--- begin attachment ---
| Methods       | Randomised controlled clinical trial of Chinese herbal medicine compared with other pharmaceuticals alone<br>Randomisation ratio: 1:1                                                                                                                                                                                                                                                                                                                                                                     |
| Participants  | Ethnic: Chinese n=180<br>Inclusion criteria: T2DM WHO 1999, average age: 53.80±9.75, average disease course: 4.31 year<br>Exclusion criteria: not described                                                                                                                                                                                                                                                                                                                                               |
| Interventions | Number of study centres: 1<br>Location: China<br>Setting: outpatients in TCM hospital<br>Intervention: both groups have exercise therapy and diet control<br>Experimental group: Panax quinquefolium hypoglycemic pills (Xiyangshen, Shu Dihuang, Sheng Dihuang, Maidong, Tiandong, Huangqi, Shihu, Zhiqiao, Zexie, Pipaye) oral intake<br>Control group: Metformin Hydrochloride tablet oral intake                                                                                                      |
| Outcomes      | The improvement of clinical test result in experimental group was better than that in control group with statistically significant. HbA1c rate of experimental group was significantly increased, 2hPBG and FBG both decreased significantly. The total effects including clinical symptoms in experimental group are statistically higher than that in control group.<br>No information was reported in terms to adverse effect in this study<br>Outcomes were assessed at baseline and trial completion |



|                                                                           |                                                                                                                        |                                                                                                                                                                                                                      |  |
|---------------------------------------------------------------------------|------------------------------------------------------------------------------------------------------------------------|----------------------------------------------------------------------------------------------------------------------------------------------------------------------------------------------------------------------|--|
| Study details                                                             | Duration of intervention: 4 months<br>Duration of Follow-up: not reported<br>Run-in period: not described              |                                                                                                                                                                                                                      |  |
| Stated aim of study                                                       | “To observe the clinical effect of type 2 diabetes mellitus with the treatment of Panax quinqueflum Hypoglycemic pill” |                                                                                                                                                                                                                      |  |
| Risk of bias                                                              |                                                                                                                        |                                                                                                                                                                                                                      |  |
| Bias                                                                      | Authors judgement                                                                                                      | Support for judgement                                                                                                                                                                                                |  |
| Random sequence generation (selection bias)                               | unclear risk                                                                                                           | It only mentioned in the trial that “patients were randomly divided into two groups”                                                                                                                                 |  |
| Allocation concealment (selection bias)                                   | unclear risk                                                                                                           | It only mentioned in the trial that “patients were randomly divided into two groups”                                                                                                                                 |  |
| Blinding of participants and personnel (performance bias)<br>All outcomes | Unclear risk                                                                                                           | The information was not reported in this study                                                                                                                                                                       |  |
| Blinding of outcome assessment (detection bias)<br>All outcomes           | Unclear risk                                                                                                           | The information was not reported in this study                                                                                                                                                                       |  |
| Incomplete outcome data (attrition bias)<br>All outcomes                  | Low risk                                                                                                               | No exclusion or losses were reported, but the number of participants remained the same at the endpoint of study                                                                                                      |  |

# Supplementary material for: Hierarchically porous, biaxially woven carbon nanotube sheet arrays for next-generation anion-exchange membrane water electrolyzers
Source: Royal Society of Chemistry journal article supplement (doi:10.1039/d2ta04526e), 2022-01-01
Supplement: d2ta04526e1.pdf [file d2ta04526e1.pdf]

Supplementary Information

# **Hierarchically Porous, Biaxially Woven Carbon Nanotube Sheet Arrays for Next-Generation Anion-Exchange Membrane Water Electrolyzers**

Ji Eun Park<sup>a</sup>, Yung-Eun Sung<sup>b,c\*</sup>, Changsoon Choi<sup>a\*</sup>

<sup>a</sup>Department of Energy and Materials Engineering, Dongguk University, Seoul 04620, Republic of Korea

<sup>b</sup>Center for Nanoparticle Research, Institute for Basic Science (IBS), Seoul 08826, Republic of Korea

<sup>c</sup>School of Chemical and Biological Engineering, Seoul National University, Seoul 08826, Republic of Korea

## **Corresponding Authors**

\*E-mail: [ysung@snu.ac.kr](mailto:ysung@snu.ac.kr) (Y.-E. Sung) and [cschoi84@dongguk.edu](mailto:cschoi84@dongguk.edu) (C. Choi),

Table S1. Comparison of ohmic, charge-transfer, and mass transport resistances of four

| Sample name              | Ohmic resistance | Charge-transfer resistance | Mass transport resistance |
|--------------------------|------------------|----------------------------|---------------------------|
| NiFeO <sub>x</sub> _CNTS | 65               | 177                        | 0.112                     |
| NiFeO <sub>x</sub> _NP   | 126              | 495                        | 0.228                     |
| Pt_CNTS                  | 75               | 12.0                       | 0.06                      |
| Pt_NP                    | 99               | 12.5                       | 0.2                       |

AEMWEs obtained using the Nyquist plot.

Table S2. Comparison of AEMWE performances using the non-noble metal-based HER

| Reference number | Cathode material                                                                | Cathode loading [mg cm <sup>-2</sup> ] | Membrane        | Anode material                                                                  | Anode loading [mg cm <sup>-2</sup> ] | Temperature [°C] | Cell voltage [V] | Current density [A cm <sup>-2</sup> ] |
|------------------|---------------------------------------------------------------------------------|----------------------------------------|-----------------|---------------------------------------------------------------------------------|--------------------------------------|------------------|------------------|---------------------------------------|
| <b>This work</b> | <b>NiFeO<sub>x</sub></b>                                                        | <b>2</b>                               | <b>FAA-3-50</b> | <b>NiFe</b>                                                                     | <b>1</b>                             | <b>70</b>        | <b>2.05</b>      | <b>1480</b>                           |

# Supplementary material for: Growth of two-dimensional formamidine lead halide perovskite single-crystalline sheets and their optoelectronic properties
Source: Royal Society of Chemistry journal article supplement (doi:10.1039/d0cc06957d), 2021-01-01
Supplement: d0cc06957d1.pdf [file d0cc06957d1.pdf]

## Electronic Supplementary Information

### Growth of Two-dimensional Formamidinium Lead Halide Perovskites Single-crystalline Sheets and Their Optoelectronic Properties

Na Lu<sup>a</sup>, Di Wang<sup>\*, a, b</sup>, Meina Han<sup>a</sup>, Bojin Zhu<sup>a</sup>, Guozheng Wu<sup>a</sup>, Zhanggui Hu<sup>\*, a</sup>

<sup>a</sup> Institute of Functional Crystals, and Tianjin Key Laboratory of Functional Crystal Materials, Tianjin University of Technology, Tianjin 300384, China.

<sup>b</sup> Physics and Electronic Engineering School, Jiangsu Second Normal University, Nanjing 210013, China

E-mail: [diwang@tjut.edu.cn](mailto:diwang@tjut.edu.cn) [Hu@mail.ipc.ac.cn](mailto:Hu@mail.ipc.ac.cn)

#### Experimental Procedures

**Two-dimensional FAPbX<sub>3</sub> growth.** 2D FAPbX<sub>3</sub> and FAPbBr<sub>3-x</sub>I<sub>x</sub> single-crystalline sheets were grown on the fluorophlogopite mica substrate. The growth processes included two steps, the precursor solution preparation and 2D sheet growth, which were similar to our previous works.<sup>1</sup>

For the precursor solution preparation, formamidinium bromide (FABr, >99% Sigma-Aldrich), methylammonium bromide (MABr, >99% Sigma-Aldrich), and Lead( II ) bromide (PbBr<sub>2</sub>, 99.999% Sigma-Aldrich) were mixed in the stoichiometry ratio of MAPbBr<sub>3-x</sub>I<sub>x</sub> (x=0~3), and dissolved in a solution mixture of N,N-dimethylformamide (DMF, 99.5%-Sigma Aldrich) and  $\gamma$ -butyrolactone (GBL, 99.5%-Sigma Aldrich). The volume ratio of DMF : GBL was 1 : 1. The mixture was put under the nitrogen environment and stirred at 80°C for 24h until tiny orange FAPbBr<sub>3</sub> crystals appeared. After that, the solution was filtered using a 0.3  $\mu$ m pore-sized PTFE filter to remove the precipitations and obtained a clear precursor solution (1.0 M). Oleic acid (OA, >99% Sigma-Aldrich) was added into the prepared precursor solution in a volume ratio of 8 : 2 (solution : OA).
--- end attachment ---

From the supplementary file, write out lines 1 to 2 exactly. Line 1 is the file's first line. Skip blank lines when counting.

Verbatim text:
| Methods       | Randomised controlled clinical trial of Chinese herbal medicine compared with other pharmaceuticals alone<br>Randomisation ratio: 1:1                                                                                                                                                                                                                                                                                                                                                                     |
| Participants  | Ethnic: Chinese n=180<br>Inclusion criteria: T2DM WHO 1999, average age: 53.80±9.75, average disease course: 4.31 year<br>Exclusion criteria: not described                                                                                                                                                                                                                                                                                                                                               |